I am nor in the least saying Sir John Snell is not perfectly right in thinking that the coalfields are not the best place. All I am pointing out is that the Bill does not provide that if Sir John Snell happens to be wrong, pit-head stations cannot be built. The scheme has to be prepared by the Electricity Commissioners and the Board has to publish it, so that authorised undertakers and other persons interested may make representations. The hon. Gentleman, with his experts, will be able to go to the Board and point out that Sir John Snell is wrong, and does not know his business, and that the right place to erect these stations is the pit-head, and not the river bank. There is nothing to prevent his putting that view and persuading the Board to adopt it. As an objection to the Bill, it carries no weight at all, because this Bill does not contain what he says is the fundamental objection to it.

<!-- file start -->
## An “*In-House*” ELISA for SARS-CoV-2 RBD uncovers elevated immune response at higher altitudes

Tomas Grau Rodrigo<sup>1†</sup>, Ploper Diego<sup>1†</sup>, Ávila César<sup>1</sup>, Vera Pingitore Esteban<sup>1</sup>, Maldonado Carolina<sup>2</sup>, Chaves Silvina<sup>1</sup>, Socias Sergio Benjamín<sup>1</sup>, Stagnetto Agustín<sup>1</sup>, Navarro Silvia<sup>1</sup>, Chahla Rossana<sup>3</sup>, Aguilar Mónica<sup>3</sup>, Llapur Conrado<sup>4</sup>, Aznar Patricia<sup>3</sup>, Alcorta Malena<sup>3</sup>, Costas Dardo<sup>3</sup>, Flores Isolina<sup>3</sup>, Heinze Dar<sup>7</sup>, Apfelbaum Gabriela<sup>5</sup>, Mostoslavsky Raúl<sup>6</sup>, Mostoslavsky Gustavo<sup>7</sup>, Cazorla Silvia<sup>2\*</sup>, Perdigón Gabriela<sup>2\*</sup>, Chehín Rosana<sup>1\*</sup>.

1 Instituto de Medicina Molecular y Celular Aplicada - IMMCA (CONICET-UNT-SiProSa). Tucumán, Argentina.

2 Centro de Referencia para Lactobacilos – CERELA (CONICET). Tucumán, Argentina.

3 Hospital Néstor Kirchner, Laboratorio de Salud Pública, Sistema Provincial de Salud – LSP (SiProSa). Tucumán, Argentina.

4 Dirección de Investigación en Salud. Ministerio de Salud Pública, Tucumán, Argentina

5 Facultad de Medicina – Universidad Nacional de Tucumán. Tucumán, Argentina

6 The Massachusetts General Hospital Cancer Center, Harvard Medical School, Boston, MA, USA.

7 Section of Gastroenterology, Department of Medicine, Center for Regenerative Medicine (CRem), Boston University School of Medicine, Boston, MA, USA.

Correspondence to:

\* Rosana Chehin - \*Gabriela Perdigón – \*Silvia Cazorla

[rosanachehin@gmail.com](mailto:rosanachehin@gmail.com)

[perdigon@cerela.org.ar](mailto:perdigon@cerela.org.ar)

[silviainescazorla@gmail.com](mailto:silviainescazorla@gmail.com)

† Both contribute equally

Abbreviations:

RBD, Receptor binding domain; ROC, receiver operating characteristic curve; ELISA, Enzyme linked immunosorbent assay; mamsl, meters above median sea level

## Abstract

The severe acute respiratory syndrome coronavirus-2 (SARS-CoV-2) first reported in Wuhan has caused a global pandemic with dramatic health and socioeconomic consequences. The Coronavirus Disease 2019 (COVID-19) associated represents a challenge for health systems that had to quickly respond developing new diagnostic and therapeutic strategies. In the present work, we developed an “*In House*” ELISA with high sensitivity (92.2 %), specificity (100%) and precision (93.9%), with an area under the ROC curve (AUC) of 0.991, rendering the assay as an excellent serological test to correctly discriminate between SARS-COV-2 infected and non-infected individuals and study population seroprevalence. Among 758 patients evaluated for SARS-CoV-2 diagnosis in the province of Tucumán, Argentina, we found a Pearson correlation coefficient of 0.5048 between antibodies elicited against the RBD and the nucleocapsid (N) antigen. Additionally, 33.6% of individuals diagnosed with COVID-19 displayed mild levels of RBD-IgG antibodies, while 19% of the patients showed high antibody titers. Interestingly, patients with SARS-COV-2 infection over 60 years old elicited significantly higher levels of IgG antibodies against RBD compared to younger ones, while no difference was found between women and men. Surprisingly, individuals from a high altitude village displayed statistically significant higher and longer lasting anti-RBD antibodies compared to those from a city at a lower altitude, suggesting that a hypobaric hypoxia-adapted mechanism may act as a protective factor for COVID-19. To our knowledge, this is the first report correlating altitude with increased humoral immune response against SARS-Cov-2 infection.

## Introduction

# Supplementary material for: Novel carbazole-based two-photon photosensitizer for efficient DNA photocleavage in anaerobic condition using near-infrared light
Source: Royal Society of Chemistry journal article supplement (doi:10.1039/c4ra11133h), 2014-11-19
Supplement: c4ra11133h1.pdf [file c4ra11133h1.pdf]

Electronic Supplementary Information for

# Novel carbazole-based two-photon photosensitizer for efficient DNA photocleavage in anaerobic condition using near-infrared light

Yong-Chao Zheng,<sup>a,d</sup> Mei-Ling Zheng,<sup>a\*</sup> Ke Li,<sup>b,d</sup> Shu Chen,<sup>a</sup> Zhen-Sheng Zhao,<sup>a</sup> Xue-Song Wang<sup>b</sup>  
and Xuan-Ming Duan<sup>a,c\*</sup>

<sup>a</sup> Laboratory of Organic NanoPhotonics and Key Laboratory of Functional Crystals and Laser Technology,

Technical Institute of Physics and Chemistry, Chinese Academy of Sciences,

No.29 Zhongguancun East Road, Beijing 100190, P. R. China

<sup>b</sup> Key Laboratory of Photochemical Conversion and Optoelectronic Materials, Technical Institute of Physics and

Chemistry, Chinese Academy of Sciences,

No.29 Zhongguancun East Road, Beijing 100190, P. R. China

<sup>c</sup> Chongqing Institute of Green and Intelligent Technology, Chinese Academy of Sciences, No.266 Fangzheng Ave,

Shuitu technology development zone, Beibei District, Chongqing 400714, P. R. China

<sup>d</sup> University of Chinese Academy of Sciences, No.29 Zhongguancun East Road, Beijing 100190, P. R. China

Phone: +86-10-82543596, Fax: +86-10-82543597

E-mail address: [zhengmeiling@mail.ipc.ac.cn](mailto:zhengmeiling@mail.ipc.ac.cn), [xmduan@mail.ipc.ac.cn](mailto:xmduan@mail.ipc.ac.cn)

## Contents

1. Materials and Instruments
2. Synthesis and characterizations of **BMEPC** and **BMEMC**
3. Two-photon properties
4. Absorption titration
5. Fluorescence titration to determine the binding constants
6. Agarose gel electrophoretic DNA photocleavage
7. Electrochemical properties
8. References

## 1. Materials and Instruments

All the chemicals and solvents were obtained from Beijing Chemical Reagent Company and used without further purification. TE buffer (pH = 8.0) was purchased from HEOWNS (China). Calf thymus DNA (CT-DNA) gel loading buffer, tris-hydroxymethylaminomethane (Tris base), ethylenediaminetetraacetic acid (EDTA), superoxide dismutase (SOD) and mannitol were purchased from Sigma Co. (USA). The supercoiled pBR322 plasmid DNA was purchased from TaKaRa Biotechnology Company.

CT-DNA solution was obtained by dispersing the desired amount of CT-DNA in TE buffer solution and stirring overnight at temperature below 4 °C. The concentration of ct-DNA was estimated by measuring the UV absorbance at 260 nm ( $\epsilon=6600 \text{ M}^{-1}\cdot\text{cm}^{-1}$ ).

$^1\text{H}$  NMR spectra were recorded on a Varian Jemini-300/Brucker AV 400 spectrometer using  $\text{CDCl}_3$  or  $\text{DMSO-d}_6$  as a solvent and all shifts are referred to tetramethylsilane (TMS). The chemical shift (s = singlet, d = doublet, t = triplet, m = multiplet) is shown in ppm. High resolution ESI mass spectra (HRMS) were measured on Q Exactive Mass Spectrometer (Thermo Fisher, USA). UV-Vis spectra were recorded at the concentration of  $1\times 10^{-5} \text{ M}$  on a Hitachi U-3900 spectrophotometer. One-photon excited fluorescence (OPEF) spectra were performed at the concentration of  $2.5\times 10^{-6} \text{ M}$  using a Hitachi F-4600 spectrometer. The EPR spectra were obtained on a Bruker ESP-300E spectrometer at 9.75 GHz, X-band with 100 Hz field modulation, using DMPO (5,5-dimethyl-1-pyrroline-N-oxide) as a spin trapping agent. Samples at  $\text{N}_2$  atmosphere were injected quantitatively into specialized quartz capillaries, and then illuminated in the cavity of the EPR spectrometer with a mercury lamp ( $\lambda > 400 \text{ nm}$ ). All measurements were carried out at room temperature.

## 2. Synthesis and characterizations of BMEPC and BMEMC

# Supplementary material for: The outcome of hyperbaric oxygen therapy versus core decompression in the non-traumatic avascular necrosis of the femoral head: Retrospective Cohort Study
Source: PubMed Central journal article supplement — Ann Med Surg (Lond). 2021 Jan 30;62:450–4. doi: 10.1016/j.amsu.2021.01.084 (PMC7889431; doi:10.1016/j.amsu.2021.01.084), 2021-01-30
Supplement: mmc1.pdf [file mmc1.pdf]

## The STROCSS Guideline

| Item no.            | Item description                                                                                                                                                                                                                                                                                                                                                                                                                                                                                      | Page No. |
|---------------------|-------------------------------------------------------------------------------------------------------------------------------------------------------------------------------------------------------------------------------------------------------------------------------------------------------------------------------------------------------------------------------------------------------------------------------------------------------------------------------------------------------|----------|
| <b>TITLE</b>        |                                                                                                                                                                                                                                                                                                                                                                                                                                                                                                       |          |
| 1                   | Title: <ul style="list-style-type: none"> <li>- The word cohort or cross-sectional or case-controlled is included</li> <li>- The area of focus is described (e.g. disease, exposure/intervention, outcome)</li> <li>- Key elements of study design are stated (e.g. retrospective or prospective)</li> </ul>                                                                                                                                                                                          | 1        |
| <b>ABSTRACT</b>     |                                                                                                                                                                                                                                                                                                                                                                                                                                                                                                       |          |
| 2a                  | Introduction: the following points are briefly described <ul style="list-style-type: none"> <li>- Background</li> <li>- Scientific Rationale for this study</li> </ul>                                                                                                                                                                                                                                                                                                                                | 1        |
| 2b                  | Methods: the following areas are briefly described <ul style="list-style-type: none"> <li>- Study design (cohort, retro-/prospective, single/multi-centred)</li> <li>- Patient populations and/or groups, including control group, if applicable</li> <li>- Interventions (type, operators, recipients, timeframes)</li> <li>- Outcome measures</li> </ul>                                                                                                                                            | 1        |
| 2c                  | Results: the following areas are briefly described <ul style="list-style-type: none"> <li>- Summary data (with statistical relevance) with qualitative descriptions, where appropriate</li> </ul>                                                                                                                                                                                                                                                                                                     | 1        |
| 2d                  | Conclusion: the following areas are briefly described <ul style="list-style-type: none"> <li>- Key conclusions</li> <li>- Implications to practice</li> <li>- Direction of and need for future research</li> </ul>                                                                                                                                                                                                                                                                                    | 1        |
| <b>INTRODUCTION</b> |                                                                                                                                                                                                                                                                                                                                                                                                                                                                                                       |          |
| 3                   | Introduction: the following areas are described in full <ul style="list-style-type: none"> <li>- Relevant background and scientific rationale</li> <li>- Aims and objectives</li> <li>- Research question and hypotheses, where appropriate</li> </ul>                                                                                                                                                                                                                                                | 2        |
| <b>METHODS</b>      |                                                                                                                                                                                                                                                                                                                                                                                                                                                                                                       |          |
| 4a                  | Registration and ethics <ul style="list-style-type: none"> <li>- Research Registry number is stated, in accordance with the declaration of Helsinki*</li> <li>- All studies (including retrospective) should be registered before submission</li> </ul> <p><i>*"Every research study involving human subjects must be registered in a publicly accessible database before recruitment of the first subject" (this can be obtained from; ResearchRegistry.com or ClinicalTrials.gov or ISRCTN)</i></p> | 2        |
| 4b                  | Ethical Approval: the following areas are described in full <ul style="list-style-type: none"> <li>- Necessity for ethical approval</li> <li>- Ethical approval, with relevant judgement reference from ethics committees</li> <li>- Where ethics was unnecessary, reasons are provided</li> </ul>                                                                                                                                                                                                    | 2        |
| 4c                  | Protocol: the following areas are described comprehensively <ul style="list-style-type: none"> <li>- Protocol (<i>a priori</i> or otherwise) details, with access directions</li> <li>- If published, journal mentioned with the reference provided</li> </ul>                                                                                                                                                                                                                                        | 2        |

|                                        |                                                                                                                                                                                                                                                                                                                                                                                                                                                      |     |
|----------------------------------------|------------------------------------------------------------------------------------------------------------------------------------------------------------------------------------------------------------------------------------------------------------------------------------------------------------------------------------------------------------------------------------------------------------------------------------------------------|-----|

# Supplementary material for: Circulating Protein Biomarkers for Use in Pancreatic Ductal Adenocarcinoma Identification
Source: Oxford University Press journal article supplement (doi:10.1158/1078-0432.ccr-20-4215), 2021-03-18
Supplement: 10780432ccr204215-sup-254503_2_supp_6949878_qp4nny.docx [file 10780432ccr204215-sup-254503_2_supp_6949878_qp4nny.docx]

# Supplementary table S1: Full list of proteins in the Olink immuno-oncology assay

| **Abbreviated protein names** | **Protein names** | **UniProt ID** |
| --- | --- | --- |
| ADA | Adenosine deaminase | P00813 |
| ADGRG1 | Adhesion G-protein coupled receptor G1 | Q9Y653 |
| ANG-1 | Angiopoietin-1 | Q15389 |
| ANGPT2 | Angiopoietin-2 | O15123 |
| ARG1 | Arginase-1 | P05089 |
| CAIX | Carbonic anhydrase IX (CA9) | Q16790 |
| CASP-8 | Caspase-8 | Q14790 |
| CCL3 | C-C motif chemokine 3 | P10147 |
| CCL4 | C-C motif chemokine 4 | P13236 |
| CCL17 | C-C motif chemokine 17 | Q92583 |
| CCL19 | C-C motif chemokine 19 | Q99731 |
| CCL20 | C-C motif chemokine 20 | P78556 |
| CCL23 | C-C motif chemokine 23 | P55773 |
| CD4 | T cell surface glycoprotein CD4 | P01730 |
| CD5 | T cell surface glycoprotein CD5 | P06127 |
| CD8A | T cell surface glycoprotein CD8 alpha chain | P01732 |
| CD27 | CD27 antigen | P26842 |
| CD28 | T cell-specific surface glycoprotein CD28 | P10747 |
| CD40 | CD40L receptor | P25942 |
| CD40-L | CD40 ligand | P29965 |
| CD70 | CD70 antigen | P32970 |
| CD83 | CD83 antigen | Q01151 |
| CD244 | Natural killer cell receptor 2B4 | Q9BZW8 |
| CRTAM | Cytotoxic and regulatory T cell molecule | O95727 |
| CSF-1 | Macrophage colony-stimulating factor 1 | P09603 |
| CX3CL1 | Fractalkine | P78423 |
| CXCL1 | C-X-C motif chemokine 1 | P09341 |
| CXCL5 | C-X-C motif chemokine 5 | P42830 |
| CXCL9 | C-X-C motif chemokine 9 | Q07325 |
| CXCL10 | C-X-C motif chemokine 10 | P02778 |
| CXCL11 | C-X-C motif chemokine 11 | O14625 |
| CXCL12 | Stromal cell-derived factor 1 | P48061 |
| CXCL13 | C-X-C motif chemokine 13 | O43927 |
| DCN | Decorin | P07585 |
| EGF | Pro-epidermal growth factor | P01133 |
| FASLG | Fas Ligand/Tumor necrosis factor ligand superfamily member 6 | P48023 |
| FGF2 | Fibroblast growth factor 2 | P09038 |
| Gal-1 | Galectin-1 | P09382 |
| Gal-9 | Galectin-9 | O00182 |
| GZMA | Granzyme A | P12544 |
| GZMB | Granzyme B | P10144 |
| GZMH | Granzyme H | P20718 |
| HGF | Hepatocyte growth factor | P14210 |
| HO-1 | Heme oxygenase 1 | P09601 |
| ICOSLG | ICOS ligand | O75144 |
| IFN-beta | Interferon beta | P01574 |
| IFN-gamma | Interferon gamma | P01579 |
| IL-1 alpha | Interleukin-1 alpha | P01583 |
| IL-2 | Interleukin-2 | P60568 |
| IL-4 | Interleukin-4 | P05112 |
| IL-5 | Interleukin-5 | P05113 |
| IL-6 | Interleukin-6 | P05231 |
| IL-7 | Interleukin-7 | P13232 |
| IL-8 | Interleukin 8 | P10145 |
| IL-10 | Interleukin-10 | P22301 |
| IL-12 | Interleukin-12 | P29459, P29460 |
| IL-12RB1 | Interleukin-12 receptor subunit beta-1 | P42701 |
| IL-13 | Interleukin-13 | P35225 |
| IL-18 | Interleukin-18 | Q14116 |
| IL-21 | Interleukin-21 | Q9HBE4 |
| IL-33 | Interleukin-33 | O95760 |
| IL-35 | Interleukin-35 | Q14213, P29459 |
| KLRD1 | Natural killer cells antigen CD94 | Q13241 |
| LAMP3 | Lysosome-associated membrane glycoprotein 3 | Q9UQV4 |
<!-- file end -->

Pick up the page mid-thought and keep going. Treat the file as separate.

I turn to the speech of the hon. Member for the Hulme Division, who began by accusing—he rather likes to accuse people—by accusing three people this time who were not here to answer for themselves, because he said the Weir Report was deliberately misleading, and, in order to be quite clear, he repeated that charge three or four times. As neither Lord Weir, nor Lord Forres nor Sir Hardman Lever, who are the three persons responsible for this Report, are in the House, I will take upon myself to say a few words in answer to that charge.


Table 2.